The Victorian period from 1837-1901 was an age when customs and practices relating to death were enormously important. The Victorian treatment of death and dying has even been dubbed a cult of death, evidenced by a profusion of icons and rituals that were contrived to express grief and to honor the recently departed.
Life expectancy was low in Victorian times
Death was a commonplace occurrence in the Victorian Age. Three of every twenty babies died before their first birthday, and those who survived infancy had a life expectancy of only forty-two years. Death would take place most often in the home. When a death occurs, the entire house stops and took up deep mourning. Windows were closed. Clocks were stopped. Mirrors were covered.
Bodies would be stored in homes until they were buried. Rules and regulations of what was proper were decided in every aspect of life, including that of proper death procedures and funeral rites. It was considered quite a scandal if any of the rituals were broken. The Procession to the burial site was a spectacle.
Until the 1870’s, funerals and their processions were elaborate and expensive. Victorians having to secure a decent burial for family members was characteristic of all classes in Victorian society, even if it meant hardship for the surviving family members. The ultimate disgrace was to be assigned a pauper’s grave. Some would even hire mourners, called mutes to follow the procession and weep.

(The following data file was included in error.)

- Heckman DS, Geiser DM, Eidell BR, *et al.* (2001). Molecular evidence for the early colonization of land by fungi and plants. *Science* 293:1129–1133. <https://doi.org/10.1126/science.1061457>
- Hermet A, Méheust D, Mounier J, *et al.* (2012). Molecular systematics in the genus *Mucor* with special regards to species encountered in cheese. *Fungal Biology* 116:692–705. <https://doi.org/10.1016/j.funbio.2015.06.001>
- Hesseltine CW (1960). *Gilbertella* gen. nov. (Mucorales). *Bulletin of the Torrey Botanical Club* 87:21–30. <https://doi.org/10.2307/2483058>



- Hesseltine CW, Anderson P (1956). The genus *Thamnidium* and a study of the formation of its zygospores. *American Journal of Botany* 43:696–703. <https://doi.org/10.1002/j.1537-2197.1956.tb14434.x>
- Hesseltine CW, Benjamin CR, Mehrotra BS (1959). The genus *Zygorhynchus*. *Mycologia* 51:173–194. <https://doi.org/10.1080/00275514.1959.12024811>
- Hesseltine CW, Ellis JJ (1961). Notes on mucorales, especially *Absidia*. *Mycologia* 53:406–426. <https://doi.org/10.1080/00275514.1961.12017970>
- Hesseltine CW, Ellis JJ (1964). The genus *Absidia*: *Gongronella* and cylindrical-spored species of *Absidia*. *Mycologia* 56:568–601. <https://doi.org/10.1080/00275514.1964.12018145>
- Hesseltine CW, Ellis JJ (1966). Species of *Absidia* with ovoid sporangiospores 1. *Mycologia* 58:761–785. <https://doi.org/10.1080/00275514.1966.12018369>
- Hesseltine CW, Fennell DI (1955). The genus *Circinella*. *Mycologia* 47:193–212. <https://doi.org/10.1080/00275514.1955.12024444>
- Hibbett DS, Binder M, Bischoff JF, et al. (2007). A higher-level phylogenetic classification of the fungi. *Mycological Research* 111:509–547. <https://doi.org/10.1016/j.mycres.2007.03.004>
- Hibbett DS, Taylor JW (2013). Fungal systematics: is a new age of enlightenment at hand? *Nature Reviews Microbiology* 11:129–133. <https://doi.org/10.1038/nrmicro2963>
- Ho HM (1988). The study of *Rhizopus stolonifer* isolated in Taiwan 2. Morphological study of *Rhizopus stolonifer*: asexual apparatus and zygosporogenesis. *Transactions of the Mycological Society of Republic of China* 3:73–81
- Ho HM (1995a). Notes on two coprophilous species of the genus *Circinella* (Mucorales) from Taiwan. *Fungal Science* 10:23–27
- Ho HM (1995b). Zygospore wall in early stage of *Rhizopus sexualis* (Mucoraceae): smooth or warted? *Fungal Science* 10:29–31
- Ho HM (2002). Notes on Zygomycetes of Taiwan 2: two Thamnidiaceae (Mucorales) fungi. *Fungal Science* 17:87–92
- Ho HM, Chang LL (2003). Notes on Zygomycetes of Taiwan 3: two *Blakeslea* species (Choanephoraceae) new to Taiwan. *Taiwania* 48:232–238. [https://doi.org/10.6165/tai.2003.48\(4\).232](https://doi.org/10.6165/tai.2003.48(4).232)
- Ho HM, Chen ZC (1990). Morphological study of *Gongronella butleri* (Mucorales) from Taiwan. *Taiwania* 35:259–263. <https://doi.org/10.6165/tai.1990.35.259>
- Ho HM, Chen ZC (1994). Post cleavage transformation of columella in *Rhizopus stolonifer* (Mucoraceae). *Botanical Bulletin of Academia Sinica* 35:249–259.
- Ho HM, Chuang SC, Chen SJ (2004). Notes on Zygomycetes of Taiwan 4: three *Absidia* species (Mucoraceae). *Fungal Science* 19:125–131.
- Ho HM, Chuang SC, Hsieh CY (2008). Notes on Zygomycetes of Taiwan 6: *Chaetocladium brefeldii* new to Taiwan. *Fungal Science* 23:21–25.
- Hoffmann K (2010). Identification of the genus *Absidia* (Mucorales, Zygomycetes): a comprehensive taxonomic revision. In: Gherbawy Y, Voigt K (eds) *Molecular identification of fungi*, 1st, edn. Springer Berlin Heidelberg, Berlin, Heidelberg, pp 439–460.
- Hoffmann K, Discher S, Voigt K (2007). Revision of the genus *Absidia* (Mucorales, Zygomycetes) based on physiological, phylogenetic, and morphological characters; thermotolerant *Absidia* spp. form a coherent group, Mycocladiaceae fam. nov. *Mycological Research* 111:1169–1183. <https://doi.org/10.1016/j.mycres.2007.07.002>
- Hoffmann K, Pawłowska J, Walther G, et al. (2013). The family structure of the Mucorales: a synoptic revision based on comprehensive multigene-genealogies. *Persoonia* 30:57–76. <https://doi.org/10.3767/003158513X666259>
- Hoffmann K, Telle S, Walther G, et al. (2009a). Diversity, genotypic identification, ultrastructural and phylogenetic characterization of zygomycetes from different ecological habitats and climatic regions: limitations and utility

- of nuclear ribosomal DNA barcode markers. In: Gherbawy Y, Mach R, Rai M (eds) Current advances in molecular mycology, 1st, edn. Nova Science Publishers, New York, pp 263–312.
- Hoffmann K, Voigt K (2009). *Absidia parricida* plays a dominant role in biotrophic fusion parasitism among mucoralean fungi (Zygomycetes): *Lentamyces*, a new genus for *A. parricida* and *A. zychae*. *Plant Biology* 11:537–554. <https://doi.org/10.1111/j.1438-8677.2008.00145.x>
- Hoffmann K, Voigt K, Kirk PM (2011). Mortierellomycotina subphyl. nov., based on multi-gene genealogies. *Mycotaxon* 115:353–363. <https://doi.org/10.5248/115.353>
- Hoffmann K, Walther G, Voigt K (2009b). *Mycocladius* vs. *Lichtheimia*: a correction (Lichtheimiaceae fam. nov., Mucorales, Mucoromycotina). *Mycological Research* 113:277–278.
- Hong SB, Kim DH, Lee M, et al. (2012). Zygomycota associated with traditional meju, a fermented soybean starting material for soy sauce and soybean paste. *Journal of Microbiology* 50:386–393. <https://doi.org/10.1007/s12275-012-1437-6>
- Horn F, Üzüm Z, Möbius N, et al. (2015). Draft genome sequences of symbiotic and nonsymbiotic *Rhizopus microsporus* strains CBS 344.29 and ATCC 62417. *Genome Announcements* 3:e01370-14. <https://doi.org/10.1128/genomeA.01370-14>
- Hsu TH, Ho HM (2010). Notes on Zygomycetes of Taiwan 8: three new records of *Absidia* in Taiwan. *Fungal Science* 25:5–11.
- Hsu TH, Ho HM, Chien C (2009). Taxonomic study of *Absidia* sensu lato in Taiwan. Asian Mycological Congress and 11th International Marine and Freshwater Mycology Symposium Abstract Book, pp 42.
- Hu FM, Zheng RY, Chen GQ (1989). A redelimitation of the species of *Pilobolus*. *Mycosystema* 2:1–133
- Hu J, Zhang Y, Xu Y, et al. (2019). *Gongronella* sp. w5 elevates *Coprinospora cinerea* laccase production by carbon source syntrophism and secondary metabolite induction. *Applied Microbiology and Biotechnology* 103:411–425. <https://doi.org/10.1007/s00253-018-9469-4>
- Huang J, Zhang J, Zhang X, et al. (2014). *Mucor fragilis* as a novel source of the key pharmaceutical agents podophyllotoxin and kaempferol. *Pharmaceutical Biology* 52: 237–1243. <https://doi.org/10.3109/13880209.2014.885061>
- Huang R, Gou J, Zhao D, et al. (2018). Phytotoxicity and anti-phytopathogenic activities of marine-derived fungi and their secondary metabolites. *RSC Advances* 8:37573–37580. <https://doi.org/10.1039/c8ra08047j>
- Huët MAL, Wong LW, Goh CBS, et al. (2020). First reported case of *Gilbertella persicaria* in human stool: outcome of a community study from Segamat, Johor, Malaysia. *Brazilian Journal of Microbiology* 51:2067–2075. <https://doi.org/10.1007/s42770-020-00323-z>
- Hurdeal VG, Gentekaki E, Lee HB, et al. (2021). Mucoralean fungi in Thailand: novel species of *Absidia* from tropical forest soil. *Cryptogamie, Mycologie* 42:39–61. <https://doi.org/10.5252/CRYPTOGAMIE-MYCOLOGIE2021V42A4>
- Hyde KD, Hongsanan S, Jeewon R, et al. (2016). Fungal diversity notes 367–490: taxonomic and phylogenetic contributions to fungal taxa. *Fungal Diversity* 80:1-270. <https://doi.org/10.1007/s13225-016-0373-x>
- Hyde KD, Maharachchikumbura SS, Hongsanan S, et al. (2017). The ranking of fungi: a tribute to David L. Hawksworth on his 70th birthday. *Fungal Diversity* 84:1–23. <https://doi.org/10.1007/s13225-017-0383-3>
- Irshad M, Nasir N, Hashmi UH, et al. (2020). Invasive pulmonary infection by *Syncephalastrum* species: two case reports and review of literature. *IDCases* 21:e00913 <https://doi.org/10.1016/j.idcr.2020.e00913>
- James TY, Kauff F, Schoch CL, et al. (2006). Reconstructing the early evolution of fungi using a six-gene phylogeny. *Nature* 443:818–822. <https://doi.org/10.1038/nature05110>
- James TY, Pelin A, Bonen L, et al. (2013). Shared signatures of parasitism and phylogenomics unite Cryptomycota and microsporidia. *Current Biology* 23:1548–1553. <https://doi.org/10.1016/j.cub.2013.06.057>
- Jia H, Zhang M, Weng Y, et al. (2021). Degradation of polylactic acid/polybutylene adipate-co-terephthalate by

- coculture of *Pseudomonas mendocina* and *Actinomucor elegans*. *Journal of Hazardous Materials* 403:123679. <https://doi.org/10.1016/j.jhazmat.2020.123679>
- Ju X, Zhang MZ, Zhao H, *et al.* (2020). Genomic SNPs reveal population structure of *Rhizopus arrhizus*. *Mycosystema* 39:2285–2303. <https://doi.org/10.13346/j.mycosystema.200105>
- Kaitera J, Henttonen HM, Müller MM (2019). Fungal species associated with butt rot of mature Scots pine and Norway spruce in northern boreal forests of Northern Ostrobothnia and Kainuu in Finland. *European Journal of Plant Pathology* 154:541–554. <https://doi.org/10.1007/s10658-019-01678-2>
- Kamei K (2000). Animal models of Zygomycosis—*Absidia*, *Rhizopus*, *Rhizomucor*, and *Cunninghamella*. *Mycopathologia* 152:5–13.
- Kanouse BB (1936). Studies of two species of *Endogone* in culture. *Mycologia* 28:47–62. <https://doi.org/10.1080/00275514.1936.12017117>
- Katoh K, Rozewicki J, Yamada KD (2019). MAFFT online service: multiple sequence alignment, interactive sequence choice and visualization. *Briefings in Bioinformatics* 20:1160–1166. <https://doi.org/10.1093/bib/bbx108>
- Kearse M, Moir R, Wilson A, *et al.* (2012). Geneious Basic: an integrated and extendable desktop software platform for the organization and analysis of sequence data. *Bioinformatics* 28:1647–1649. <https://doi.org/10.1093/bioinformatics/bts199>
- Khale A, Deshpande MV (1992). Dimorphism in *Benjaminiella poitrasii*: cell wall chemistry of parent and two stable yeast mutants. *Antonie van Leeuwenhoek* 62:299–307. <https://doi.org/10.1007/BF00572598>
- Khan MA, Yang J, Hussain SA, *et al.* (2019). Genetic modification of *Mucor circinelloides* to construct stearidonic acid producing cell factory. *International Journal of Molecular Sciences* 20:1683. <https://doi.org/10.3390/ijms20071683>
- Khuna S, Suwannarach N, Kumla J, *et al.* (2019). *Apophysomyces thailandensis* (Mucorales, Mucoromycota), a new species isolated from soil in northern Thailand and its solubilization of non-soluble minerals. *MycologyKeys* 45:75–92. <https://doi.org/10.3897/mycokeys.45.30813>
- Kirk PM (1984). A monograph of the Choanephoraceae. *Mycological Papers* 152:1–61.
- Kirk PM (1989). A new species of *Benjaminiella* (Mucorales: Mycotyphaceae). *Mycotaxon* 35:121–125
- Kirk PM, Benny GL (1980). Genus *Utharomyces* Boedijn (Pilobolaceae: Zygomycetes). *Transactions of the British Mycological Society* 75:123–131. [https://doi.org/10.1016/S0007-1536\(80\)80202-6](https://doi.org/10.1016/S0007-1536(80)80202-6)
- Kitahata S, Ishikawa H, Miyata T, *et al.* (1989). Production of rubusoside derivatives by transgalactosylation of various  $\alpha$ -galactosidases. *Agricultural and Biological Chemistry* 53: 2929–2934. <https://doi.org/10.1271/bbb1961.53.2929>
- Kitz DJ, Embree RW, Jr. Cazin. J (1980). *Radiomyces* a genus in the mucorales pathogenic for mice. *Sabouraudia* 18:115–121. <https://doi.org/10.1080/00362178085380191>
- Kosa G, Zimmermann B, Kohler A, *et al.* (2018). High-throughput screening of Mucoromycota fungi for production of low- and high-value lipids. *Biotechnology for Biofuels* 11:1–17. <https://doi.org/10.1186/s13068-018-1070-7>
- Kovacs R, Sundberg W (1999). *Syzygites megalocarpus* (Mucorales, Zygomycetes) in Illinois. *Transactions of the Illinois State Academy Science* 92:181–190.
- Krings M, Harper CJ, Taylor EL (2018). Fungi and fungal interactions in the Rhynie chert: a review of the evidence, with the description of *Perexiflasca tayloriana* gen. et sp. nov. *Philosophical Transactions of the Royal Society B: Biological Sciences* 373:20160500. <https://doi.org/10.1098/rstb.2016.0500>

Use of Black mourning dress
Mourning attire was a distinct way to show wealth and status. A household would often command the entire household to dress in mourning in black. Middle and lower class women would go to great lengths to appear fashionable in times of mourning. Dying clothing black and then bleaching them out again was quite common.
Mourning attire was essentially localized on the widow. It was intended to neutralize all interactions of the widow with society just as the Queen had done. It was expected that a widow would never leave her home without full black attire and a weeping veil for the first full year. Her social agenda was church-related only.
see more about Funeral Invitations